A picture can be represented in digital equipment by a regular grid of squares (called pixels), say 128 units wide by 128 units high. Hence the picture is composed of approximately 16,000 squares. Each pixel has a number associated with it which gives the brightness of that particular point in the picture. The concept used in cellular array processors is to have one relatively simple processor per pixel. That means over 16,000 processors are required for a 128 × 128 machine. The processors sit in a grid type array and each processor can communicate directly to its eight neighbours (Fig. 1). The processors are specifically designed for image manipulation tasks and should not be compared with the typical general purpose microprocessors used in desktop microcomputers etc. The control of the cellular array processors array is designed so that all the processors can work simultaneously on an image. This parallel working is the key to the speed of the cellular array processors image processing.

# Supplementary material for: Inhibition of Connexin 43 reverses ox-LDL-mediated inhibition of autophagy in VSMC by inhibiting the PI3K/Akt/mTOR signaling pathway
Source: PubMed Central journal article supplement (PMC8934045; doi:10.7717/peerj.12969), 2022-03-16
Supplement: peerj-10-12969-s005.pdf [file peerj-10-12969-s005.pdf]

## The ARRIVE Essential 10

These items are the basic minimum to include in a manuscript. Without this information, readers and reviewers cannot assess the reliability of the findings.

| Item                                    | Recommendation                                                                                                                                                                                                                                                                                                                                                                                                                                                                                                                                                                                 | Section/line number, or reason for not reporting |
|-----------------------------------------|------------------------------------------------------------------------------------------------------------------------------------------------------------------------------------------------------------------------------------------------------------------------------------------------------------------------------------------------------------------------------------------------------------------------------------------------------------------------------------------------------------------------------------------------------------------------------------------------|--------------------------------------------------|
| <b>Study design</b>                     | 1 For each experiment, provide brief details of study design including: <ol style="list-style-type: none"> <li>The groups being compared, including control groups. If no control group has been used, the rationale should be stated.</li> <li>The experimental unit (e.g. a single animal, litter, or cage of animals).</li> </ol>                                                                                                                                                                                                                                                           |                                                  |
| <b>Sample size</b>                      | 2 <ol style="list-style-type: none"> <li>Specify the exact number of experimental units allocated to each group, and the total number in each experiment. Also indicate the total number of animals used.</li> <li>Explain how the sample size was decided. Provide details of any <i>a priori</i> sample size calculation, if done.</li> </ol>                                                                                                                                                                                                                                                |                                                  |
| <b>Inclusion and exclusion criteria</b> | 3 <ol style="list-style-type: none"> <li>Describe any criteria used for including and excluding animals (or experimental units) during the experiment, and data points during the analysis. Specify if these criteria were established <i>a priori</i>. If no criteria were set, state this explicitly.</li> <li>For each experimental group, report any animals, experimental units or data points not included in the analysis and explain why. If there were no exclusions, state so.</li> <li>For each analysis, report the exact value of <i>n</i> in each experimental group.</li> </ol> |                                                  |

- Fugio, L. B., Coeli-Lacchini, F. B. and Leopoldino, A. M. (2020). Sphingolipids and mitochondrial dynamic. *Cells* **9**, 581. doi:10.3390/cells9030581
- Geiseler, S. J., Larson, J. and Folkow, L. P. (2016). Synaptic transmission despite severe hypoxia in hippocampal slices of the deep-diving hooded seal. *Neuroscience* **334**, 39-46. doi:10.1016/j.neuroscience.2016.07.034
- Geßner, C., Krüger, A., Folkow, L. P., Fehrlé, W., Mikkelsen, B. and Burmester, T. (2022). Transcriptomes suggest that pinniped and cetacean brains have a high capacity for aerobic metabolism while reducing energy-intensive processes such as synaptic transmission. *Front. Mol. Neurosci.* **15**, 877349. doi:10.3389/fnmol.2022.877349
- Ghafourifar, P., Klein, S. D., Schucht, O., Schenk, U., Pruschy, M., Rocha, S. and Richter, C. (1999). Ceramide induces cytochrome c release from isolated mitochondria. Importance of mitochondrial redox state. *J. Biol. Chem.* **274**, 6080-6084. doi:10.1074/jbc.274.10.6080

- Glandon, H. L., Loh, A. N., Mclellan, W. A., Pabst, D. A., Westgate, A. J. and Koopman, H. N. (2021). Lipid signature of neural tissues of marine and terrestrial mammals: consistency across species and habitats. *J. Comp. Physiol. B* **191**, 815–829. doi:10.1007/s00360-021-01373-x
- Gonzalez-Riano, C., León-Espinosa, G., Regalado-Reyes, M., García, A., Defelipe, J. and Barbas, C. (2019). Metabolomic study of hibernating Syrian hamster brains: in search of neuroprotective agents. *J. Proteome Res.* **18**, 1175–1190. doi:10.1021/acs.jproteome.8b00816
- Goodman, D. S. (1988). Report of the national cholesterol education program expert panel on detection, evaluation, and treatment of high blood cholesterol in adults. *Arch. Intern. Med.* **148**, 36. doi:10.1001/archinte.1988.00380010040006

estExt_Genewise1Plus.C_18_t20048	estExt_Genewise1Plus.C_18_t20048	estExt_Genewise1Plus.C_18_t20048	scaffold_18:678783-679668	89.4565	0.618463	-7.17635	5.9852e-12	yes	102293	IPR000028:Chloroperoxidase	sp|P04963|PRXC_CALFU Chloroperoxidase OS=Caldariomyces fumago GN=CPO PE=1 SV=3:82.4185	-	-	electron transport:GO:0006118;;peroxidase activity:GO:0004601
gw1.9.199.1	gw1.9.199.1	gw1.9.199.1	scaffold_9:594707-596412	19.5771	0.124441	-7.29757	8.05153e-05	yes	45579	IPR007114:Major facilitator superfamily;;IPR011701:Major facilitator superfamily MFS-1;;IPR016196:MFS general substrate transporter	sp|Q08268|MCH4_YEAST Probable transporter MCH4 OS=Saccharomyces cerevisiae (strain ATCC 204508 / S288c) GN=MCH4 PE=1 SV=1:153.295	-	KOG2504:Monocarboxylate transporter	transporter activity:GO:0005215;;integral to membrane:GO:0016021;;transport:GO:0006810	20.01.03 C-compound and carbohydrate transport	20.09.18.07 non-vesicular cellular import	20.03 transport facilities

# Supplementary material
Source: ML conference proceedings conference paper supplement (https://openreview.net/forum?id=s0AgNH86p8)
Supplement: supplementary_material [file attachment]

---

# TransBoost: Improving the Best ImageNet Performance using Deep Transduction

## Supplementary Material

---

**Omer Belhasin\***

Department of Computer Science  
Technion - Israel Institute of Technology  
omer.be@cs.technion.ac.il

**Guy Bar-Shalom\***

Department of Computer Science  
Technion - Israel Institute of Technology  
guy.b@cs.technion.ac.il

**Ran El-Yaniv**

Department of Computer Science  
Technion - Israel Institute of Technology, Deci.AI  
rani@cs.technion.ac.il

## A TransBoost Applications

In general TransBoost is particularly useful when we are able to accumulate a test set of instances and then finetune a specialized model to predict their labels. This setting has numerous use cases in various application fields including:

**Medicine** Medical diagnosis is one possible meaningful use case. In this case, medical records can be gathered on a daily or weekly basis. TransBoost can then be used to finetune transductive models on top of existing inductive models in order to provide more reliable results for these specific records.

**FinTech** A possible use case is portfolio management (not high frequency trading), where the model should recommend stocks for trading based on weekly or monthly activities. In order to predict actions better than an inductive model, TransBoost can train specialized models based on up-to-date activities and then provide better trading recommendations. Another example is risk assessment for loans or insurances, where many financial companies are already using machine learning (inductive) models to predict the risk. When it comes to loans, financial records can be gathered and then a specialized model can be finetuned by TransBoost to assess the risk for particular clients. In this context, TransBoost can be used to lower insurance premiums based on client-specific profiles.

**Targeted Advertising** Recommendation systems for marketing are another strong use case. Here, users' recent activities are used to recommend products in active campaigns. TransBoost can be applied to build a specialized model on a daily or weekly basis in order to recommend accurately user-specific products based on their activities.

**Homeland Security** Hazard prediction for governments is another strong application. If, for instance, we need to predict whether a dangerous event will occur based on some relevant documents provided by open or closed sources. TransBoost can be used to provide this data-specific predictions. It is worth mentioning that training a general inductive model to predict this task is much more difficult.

Typically the cellular array processors can be used for finding edges, measuring shape, area, perimeters etc. It will enhance poor Images by reducing noise, enhancing particular features etc. It will look for particular features such as cracks and edges, and allow texture analysis. It will calculate the shape, centre of gravity etc. for moving objects. While all these processes can be done with a general purpose microcomputer and some extra hardware and programming for, say, 5-10,000, the cellular array processors can be made 100 or more times faster. Hence, instead of inspecting, say, 50 biscuits per minute for shape, size etc. on a production line, the cellular array processor can look at 6,000 per minute - much closer to the real industrial needs. Obviously, in defence applications the ability to calculate rapidly in quickly changing situations is even more important.